Why You Need To Stop Running Your Knives Through The Dishwasher

Good knives are some of the most important kitchen tools — you'll use them for all kinds of slicing, from brunoise to chiffonade to julienne. And if you love to cook, you've probably invested in high-quality cutlery, which can last for decades (or even generations) if cared for properly (per HuffPost).

When you're cleaning up after cooking, it seems easy to throw everything in the dishwasher and get to the important part: eating. Not so fast, however. If you're putting your good knives in the dishwasher with the rest of your silverware and plates, you could be damaging them.

Dishwashers are awesome tools for cleaning and sanitizing dishes and silverware. But according to America's Test Kitchen, the conditions inside the machine that get your plates and forks squeaky-clean can be overkill for a high-quality kitchen knife. Putting your knives in the dishwasher can leave you with dull blades and damaged handles.

Materials matter

Knives are made of steel, which is also used to make fairly indestructible things, such as cars and buildings. So, why can't your blades withstand a simple cycle in the dishwasher? Not all steel is the same. And the types of steel used to make knives — usually stainless or carbon — are great for honing sharp, fine edges but are easily affected by heat, abrasive detergents, and exposure to water.

Michael J. Tarkanian, senior lecturer at MIT's Department of Materials Science and Engineering, told America's Test Kitchen that carbon and stainless steel knives are softer than the steel used in regular silverware and are vulnerable to corrosion when they're exposed to water. Even 10 minutes in a wet sink is detrimental to a carbon steel knife. Add to that, Wüsthof CEO Viola Wüsthof told Martha Stewart that machine washing and detergents are too abrasive and can make the metal rust, as well as degrade the knife handles.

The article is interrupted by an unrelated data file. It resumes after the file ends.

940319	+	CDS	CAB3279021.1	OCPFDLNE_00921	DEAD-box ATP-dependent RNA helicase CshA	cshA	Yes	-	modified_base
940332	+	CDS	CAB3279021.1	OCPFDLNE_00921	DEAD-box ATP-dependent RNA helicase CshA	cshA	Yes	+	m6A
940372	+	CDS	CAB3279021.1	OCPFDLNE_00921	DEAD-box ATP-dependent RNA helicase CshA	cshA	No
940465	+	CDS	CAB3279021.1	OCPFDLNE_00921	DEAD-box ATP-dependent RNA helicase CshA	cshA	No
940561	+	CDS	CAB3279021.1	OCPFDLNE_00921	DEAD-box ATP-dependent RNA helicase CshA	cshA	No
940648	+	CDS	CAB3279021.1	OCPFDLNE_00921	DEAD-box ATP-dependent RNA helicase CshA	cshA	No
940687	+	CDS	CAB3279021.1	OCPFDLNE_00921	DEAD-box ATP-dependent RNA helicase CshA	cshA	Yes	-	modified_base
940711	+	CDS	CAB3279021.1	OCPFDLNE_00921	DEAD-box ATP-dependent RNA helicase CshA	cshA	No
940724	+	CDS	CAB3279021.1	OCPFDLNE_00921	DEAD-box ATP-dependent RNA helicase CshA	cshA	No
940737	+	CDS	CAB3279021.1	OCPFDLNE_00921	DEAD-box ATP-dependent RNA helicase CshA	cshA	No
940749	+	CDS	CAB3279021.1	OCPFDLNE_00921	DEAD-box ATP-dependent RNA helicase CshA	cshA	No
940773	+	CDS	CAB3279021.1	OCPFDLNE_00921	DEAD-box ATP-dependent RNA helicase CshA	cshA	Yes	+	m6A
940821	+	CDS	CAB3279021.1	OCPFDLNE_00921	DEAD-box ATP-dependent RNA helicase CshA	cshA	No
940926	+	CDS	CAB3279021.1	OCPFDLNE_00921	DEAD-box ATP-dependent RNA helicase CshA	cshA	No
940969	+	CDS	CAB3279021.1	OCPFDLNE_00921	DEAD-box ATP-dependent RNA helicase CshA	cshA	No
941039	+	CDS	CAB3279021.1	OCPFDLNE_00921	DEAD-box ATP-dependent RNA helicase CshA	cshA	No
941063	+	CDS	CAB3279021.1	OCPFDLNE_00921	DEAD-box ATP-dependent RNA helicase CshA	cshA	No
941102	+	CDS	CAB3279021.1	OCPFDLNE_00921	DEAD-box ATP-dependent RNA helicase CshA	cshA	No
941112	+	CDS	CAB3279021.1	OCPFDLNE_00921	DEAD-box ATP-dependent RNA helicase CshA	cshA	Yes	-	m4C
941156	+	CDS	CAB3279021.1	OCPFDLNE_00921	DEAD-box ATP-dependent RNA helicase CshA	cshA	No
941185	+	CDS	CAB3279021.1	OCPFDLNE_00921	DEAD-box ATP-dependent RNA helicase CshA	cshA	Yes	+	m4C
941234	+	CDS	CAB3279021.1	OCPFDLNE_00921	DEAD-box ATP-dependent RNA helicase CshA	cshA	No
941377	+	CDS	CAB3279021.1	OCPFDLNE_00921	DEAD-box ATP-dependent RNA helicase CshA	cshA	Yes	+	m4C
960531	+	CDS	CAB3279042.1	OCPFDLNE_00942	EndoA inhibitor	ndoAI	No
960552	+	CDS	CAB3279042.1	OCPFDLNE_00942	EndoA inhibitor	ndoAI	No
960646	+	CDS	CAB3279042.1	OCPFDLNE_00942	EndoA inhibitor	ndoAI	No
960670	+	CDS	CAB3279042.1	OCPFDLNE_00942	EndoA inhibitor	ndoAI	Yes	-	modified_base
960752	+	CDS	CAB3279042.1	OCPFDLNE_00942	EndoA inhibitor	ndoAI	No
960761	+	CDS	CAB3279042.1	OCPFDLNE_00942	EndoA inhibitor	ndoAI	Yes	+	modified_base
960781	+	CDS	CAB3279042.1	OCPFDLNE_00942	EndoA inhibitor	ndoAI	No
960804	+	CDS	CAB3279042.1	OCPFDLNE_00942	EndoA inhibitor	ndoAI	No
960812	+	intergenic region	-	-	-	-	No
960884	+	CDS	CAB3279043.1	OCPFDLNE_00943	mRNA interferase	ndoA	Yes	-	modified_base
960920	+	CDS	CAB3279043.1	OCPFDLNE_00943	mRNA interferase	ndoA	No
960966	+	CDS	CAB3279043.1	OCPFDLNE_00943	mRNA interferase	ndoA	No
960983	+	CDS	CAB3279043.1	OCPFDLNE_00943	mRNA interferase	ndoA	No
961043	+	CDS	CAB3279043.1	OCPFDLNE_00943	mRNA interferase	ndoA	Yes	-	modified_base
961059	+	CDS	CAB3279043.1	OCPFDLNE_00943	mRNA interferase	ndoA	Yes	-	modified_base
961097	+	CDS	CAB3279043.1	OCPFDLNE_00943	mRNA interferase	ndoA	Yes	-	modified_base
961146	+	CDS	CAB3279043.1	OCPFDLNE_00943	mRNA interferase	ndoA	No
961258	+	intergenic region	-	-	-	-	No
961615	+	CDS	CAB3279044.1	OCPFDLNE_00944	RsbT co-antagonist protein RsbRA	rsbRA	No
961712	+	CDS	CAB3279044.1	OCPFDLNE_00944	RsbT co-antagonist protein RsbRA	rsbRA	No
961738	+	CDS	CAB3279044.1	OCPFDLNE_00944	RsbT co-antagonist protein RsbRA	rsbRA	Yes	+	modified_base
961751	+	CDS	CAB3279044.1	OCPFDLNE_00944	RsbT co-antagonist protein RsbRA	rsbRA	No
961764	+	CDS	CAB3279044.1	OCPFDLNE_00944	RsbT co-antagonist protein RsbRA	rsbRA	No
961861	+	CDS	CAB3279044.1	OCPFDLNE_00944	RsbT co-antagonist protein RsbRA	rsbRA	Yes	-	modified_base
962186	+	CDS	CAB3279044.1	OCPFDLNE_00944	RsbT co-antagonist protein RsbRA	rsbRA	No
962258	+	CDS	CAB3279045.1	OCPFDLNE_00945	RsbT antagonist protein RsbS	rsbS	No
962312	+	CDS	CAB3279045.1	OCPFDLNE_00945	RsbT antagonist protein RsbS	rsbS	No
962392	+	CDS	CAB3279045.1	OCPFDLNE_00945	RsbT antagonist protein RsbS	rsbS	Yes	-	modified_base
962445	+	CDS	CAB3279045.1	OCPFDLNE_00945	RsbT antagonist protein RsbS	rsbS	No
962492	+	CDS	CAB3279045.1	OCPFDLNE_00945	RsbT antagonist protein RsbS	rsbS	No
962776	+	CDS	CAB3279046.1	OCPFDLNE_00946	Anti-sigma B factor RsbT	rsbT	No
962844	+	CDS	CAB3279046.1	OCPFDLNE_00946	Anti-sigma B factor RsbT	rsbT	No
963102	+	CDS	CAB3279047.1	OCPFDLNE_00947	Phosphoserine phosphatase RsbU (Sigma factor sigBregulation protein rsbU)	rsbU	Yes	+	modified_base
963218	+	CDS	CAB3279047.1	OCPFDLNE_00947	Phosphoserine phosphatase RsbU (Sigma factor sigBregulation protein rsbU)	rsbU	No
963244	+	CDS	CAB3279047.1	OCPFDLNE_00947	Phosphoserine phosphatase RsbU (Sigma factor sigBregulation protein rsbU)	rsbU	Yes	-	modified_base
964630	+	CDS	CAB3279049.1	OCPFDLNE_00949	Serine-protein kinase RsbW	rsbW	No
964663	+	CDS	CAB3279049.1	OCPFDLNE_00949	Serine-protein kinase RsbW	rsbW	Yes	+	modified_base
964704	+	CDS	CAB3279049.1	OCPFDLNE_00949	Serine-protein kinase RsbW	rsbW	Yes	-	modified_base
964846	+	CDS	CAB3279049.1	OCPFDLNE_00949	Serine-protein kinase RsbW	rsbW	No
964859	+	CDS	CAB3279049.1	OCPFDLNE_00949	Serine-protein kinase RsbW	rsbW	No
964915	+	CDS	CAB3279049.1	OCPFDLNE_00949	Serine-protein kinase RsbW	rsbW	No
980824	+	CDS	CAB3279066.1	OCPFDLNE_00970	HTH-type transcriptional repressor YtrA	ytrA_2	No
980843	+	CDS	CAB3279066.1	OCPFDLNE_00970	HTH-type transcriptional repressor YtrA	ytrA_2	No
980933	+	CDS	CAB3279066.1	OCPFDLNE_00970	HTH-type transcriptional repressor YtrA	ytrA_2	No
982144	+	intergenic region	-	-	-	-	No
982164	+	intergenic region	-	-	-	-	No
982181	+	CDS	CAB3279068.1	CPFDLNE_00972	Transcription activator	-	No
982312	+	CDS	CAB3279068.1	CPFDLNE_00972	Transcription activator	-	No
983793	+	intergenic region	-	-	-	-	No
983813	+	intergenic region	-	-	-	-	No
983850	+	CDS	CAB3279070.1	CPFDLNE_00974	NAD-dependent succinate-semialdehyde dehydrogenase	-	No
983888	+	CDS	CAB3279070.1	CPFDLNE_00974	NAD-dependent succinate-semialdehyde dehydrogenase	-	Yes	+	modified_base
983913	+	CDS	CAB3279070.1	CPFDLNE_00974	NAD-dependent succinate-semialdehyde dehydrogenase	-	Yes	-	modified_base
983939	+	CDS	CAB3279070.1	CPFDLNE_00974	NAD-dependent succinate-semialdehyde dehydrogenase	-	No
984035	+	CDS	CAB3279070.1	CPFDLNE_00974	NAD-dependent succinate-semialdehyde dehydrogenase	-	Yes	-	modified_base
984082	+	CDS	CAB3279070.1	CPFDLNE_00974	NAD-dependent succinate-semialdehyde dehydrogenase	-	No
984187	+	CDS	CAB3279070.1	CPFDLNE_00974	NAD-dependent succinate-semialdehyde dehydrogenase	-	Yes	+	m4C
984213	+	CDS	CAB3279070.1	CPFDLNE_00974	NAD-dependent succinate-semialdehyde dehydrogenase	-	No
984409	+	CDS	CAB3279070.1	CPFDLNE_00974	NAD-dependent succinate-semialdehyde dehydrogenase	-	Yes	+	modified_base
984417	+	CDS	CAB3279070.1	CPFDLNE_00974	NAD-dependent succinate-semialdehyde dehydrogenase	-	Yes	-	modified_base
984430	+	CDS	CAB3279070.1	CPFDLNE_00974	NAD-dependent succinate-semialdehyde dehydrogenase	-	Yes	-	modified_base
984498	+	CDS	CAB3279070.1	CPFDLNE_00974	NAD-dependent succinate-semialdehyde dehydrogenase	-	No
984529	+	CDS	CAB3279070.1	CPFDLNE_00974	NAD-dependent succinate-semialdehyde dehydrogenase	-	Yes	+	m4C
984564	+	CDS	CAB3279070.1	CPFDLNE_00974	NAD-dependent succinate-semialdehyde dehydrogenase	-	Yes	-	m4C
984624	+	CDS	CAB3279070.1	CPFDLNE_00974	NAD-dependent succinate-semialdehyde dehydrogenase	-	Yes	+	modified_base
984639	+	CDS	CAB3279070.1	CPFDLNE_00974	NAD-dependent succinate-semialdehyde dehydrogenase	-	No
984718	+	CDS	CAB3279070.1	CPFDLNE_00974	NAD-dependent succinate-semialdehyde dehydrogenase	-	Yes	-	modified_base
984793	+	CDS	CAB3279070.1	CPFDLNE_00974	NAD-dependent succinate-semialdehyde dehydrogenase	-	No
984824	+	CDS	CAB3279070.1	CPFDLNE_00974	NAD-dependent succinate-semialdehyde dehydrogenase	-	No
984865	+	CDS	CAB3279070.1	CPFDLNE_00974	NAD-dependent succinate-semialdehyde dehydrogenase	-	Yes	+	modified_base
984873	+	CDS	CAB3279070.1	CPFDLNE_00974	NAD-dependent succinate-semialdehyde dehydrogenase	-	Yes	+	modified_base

Knives placed in a dishwasher can also knock into other cutlery and dishes, which can dull the edges. One of the main reasons we use cutting boards made from soft materials, such as wood and plastic, is to keep the edges sharp, explains The New York Times.

How to care for knives properly

Fortunately, taking care of your prized blades is pretty simple. First, wash them by hand with regular dish detergent and wipe them off immediately to dry to prevent any rusting. Don't put your knives in the sink to soak or to sit, because the blades stay wet (plus, you can easily cut your hand reaching into grab something else). Viola Wüsthof advises leaving your knives to the side of the sink in a dry spot until you're ready to wash them (via Martha Stewart).

Second, store your knives in a block or on a magnetized wall strip so they don't bang into each other, which can also dull your blades (per Lifehacker). (If you must use a drawer, invest in some plastic knife guards.) Third, keep a sharp edge on your blades by using a whetstone and a steel. You can get your knives professionally sharpened; however, you can also keep them in pretty good shape with a little regular maintenance with a home stone or sharpener and a hand steel. You can even touch up your edges in a pinch with the bottom of a ceramic coffee cup.

If your knives are already dull or rusty from running them through the dishwasher, don't give up on them entirely. Reach out to a professional cutler to see if they can rehab your knife; sometimes, even the rustiest old knife can come back to life.